Your idea of getting a local dealer is a good one. If you get a used bike from them, often they'll give you nearly what you paid if you trade it in on something a bit more expensive within a year or so. Some dealers have a fair amount of used stock and others don't really want used bikes.

Whatever you decide, welcome to motorcycling! Good luck and be safe.
 

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I haven't been riding for very long, and even if I had, I'm not the sort to try and tell anyone else what they should or shouldn't do. What I will do is relate my own personal experience and relevant observations. I started on a low mileage, used 250 cc Honda that I got an "already been dropped" discount on. The bike ran great, and still does. I put up with "girl bike" comments and such from the minority of fellow riders for 3 years (most riders I've met have been really great people), but after 3 years on my 250, I can probably outride most of them. My observations: I wasn't afraid to really ride the 250 because it was inexpensive and already scratched and dented, so I wasn't afraid of dropping it (which I did, more than once). Now, it may be different for others, but I think I learned a lot more on that bike than I would have if I had started on the bike I'm riding now. Since it's new, I'm a little more cautious with it, but all the things I learned dropping the 250 apply to my new bike, and I think the experience I gained really contribute to my ability to have a lot of fun with the new bike without stressing about damaging it. The time I spent practicing slow maneuvers in parking lots was well spent, and it didn't take long to build confidence on the new bike at all. From my experience, going fast is easy, but it takes a little thought to understand when not to go fast and a little practice to understand how to properly go slow. For me, starting on a small, inexpensive bike was the best choice, and the experience I gained greatly enhances my enjoyment on my new bike.
 

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I haven't been riding for very long, and even if I had, I'm not the sort to try and tell anyone else what they should or shouldn't do. What I will do is relate my own personal experience and relevant observations. I started on a low mileage, used 250 cc Honda that I got an "already been dropped" discount on. The bike ran great, and still does. I put up with "girl bike" comments and such from the minority of fellow riders for 3 years (most riders I've met have been really great people), but after 3 years on my 250, I can probably outride most of them. My observations: I wasn't afraid to really ride the 250 because it was inexpensive and already scratched and dented, so I wasn't afraid of dropping it (which I did, more than once). Now, it may be different for others, but I think I learned a lot more on that bike than I would have if I had started on the bike I'm riding now. Since it's new, I'm a little more cautious with it, but all the things I learned dropping the 250 apply to my new bike, and I think the experience I gained really contribute to my ability to have a lot of fun with the new bike without stressing about damaging it. The time I spent practicing slow maneuvers in parking lots was well spent, and it didn't take long to build confidence on the new bike at all. From my experience, going fast is easy, but it takes a little thought to understand when not to go fast and a little practice to understand how to properly go slow. For me, starting on a small, inexpensive bike was the best choice, and the experience I gained greatly enhances my enjoyment on my new bike.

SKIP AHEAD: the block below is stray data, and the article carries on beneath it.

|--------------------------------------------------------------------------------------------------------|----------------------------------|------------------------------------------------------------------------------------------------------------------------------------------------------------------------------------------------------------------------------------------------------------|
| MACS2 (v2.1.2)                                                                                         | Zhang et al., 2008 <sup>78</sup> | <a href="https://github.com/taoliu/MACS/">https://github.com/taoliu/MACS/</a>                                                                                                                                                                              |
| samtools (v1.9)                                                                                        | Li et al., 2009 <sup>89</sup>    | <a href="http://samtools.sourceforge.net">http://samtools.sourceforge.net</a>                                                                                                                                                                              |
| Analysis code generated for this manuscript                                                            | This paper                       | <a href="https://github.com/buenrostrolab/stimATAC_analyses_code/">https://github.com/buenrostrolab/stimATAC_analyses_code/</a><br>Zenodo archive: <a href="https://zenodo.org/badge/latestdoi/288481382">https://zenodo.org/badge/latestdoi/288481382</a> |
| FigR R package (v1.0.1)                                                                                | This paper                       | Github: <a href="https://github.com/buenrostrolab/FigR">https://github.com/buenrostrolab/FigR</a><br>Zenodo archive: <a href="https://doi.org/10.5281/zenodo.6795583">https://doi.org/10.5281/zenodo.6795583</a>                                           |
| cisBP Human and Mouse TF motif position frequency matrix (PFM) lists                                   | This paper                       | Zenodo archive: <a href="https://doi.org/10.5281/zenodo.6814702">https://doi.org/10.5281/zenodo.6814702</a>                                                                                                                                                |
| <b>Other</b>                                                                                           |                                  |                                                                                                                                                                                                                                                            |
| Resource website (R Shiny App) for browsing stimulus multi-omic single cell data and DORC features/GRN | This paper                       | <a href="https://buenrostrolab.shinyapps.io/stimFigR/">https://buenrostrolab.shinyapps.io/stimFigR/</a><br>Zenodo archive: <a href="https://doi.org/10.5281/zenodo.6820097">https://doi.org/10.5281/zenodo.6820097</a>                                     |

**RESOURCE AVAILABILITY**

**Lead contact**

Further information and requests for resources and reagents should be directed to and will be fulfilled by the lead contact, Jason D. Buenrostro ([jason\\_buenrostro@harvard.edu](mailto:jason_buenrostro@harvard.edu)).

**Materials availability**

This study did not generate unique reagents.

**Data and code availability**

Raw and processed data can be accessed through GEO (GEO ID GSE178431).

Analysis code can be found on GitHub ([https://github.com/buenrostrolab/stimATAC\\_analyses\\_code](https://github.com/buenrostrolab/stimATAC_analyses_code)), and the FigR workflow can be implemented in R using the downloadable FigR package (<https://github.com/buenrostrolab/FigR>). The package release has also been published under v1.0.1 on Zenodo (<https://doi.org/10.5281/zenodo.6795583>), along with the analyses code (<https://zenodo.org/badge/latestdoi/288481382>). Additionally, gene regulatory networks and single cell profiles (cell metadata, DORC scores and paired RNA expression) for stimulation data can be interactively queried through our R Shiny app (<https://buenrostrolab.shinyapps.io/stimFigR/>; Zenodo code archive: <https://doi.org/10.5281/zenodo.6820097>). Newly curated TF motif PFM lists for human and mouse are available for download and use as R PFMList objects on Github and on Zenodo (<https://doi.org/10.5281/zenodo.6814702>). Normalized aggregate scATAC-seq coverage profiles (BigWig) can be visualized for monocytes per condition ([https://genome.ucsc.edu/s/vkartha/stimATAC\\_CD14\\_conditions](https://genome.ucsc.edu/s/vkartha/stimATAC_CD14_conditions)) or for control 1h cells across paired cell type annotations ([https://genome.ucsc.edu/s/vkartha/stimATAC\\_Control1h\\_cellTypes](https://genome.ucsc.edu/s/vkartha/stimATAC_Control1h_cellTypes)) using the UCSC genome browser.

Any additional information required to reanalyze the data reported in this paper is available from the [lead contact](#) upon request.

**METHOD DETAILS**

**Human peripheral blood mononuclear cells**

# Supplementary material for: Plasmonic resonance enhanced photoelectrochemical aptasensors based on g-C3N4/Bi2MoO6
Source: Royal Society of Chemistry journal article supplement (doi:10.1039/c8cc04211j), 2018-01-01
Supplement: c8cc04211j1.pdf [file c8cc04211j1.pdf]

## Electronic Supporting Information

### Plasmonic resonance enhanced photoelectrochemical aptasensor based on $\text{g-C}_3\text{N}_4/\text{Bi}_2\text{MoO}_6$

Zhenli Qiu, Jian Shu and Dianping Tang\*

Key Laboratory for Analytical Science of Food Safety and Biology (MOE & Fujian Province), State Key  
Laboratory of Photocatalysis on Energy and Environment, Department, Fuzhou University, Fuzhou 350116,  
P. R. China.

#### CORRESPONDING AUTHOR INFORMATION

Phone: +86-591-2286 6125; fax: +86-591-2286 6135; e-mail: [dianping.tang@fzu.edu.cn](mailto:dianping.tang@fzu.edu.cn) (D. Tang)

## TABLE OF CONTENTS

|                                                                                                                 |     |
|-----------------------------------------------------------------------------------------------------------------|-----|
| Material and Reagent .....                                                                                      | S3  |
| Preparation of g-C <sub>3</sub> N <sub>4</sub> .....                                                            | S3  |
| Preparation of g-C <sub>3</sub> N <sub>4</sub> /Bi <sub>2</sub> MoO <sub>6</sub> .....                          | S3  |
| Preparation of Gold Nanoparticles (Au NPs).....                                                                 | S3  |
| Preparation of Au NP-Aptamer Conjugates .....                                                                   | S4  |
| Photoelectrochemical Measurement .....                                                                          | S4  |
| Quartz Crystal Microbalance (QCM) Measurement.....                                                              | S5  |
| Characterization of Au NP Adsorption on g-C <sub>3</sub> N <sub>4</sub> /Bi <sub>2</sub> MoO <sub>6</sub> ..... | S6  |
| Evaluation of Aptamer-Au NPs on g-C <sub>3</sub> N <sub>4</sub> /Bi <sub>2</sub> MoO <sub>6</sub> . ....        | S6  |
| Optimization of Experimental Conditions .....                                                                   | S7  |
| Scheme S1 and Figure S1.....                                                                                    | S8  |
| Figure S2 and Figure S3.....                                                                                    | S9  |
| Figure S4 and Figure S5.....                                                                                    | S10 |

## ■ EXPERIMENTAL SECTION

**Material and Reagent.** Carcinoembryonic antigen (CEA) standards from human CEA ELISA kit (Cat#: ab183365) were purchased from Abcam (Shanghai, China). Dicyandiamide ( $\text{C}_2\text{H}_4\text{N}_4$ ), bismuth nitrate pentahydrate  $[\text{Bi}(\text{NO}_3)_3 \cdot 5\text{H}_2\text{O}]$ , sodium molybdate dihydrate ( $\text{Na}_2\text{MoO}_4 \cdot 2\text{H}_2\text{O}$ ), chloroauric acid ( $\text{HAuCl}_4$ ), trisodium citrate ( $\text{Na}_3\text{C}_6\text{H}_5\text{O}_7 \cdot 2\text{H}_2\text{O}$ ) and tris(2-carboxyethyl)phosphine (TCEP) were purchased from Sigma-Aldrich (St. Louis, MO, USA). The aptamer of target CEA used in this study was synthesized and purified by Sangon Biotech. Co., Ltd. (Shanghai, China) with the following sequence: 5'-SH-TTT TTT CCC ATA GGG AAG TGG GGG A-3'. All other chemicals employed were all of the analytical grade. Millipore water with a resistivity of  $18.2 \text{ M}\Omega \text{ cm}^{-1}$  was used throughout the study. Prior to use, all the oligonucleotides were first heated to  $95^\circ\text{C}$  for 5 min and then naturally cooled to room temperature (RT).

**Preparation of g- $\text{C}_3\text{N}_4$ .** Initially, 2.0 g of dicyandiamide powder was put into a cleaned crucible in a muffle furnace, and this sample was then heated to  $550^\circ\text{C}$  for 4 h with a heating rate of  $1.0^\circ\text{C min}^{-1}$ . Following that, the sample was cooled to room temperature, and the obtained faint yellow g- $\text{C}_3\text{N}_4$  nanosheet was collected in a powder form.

Want to add to this after demo riding Harleys yesterday...

Been thinking about what I learned at the Harley demo event... Being perfectly honest, I have always been a little anxious about riding big bikes, having dropped/laid down a few smaller ones. The first Harley I rode was the Fat Bob with the 114 ci. At 1868 cc, it has nearly 3 times the displacement of my Ninja, and it weighs over 650 lbs. dry. I had the back tire break loose in some sand as I throttled around a 45 degree turn because I was trying to keep up with everyone else and didn't want to stop for traffic. It was no different from backing my first bike (a 250 cc) into a turn, even though the Harley weighs more than twice as much. Had I not bashed my 250 for 3 years, I probably would have lowsided, but I instinctively did all the right things without thinking, and it was over before there was time for it to scare me. The experience I gained riding a "girl bike" served me well. I think every rider should start by going full kamikazi on a small bike. Expect to wreck a few times, so get a cheap one to start. People will laugh at you when you lay it down in a parking lot, but it's worth it, and it will make you a better rider than the "experts" who say they have been riding all their lives and never dropped their bikes...